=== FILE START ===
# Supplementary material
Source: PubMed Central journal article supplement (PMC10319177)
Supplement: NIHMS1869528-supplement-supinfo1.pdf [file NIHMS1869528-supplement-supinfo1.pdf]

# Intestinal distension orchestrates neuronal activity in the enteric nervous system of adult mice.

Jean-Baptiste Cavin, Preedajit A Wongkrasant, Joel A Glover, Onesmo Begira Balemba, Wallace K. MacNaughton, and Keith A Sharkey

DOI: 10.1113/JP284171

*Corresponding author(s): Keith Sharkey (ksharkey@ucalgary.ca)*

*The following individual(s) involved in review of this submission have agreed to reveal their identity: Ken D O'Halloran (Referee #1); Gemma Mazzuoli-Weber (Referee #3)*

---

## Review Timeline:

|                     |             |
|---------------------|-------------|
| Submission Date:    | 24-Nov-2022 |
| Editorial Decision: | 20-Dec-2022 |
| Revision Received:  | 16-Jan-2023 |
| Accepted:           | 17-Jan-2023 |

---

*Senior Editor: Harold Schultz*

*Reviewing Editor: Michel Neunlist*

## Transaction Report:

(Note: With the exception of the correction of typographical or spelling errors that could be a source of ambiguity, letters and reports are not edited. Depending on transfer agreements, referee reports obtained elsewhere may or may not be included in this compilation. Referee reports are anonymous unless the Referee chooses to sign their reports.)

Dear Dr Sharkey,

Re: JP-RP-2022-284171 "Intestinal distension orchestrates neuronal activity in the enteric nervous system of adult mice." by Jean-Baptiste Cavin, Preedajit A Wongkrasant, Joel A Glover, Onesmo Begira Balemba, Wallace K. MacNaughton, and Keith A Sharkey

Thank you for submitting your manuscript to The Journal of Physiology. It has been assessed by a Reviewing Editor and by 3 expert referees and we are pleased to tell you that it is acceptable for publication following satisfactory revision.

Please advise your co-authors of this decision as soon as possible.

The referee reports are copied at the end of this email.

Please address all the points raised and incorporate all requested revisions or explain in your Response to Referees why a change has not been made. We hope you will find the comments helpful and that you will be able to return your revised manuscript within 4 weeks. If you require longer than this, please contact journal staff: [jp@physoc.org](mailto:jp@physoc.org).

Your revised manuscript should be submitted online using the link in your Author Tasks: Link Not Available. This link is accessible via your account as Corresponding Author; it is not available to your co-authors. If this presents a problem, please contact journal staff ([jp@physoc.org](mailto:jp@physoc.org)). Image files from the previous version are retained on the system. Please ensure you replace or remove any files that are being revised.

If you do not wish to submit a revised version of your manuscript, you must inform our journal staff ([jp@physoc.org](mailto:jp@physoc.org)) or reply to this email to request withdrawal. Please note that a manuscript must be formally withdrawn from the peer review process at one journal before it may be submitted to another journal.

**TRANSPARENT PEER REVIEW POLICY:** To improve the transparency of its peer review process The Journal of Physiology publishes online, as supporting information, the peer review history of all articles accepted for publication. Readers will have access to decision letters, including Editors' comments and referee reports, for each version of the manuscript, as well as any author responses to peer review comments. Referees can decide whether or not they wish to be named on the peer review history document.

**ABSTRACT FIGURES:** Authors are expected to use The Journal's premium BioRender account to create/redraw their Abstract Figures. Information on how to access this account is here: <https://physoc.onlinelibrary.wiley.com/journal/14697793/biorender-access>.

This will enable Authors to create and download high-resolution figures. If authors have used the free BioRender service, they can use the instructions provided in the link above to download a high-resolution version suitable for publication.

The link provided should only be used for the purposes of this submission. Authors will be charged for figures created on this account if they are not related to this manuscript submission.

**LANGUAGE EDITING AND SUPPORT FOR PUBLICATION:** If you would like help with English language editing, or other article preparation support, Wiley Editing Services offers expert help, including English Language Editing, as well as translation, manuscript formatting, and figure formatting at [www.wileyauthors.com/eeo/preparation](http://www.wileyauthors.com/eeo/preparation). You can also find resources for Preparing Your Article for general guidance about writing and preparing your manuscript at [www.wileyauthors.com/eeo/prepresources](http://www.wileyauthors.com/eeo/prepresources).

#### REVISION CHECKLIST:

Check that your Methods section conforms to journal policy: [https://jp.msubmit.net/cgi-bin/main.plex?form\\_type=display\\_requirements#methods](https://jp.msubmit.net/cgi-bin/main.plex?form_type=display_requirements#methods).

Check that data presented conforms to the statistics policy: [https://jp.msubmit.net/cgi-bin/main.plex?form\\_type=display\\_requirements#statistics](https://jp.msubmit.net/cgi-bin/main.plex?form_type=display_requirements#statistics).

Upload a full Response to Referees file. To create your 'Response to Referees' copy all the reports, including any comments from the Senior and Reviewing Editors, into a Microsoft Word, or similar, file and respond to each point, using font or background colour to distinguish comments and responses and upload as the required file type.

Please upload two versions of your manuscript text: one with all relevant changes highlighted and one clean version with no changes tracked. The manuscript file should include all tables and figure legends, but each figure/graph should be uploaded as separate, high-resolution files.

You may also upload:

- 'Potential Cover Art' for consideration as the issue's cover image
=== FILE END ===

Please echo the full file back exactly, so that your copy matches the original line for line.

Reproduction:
# Supplementary material
Source: PubMed Central journal article supplement (PMC10319177)
Supplement: NIHMS1869528-supplement-supinfo1.pdf [file NIHMS1869528-supplement-supinfo1.pdf]

# Intestinal distension orchestrates neuronal activity in the enteric nervous system of adult mice.

Jean-Baptiste Cavin, Preedajit A Wongkrasant, Joel A Glover, Onesmo Begira Balemba, Wallace K. MacNaughton, and Keith A Sharkey

DOI: 10.1113/JP284171

*Corresponding author(s): Keith Sharkey (ksharkey@ucalgary.ca)*

*The following individual(s) involved in review of this submission have agreed to reveal their identity: Ken D O'Halloran (Referee #1); Gemma Mazzuoli-Weber (Referee #3)*

---

## Review Timeline:

|                     |             |
|---------------------|-------------|
| Submission Date:    | 24-Nov-2022 |
| Editorial Decision: | 20-Dec-2022 |
| Revision Received:  | 16-Jan-2023 |
| Accepted:           | 17-Jan-2023 |

---

*Senior Editor: Harold Schultz*

*Reviewing Editor: Michel Neunlist*

## Transaction Report:

(Note: With the exception of the correction of typographical or spelling errors that could be a source of ambiguity, letters and reports are not edited. Depending on transfer agreements, referee reports obtained elsewhere may or may not be included in this compilation. Referee reports are anonymous unless the Referee chooses to sign their reports.)

Dear Dr Sharkey,

Re: JP-RP-2022-284171 "Intestinal distension orchestrates neuronal activity in the enteric nervous system of adult mice." by Jean-Baptiste Cavin, Preedajit A Wongkrasant, Joel A Glover, Onesmo Begira Balemba, Wallace K. MacNaughton, and Keith A Sharkey

Thank you for submitting your manuscript to The Journal of Physiology. It has been assessed by a Reviewing Editor and by 3 expert referees and we are pleased to tell you that it is acceptable for publication following satisfactory revision.

Please advise your co-authors of this decision as soon as possible.

The referee reports are copied at the end of this email.

Please address all the points raised and incorporate all requested revisions or explain in your Response to Referees why a change has not been made. We hope you will find the comments helpful and that you will be able to return your revised manuscript within 4 weeks. If you require longer than this, please contact journal staff: [jp@physoc.org](mailto:jp@physoc.org).

Your revised manuscript should be submitted online using the link in your Author Tasks: Link Not Available. This link is accessible via your account as Corresponding Author; it is not available to your co-authors. If this presents a problem, please contact journal staff ([jp@physoc.org](mailto:jp@physoc.org)). Image files from the previous version are retained on the system. Please ensure you replace or remove any files that are being revised.

If you do not wish to submit a revised version of your manuscript, you must inform our journal staff ([jp@physoc.org](mailto:jp@physoc.org)) or reply to this email to request withdrawal. Please note that a manuscript must be formally withdrawn from the peer review process at one journal before it may be submitted to another journal.

**TRANSPARENT PEER REVIEW POLICY:** To improve the transparency of its peer review process The Journal of Physiology publishes online, as supporting information, the peer review history of all articles accepted for publication. Readers will have access to decision letters, including Editors' comments and referee reports, for each version of the manuscript, as well as any author responses to peer review comments. Referees can decide whether or not they wish to be named on the peer review history document.

**ABSTRACT FIGURES:** Authors are expected to use The Journal's premium BioRender account to create/redraw their Abstract Figures. Information on how to access this account is here: <https://physoc.onlinelibrary.wiley.com/journal/14697793/biorender-access>.

This will enable Authors to create and download high-resolution figures. If authors have used the free BioRender service, they can use the instructions provided in the link above to download a high-resolution version suitable for publication.

The link provided should only be used for the purposes of this submission. Authors will be charged for figures created on this account if they are not related to this manuscript submission.

**LANGUAGE EDITING AND SUPPORT FOR PUBLICATION:** If you would like help with English language editing, or other article preparation support, Wiley Editing Services offers expert help, including English Language Editing, as well as translation, manuscript formatting, and figure formatting at [www.wileyauthors.com/eeo/preparation](http://www.wileyauthors.com/eeo/preparation). You can also find resources for Preparing Your Article for general guidance about writing and preparing your manuscript at [www.wileyauthors.com/eeo/prepresources](http://www.wileyauthors.com/eeo/prepresources).

#### REVISION CHECKLIST:

Check that your Methods section conforms to journal policy: [https://jp.msubmit.net/cgi-bin/main.plex?form\\_type=display\\_requirements#methods](https://jp.msubmit.net/cgi-bin/main.plex?form_type=display_requirements#methods).

Check that data presented conforms to the statistics policy: [https://jp.msubmit.net/cgi-bin/main.plex?form\\_type=display\\_requirements#statistics](https://jp.msubmit.net/cgi-bin/main.plex?form_type=display_requirements#statistics).

Upload a full Response to Referees file. To create your 'Response to Referees' copy all the reports, including any comments from the Senior and Reviewing Editors, into a Microsoft Word, or similar, file and respond to each point, using font or background colour to distinguish comments and responses and upload as the required file type.

Please upload two versions of your manuscript text: one with all relevant changes highlighted and one clean version with no changes tracked. The manuscript file should include all tables and figure legends, but each figure/graph should be uploaded as separate, high-resolution files.

You may also upload:

- 'Potential Cover Art' for consideration as the issue's cover image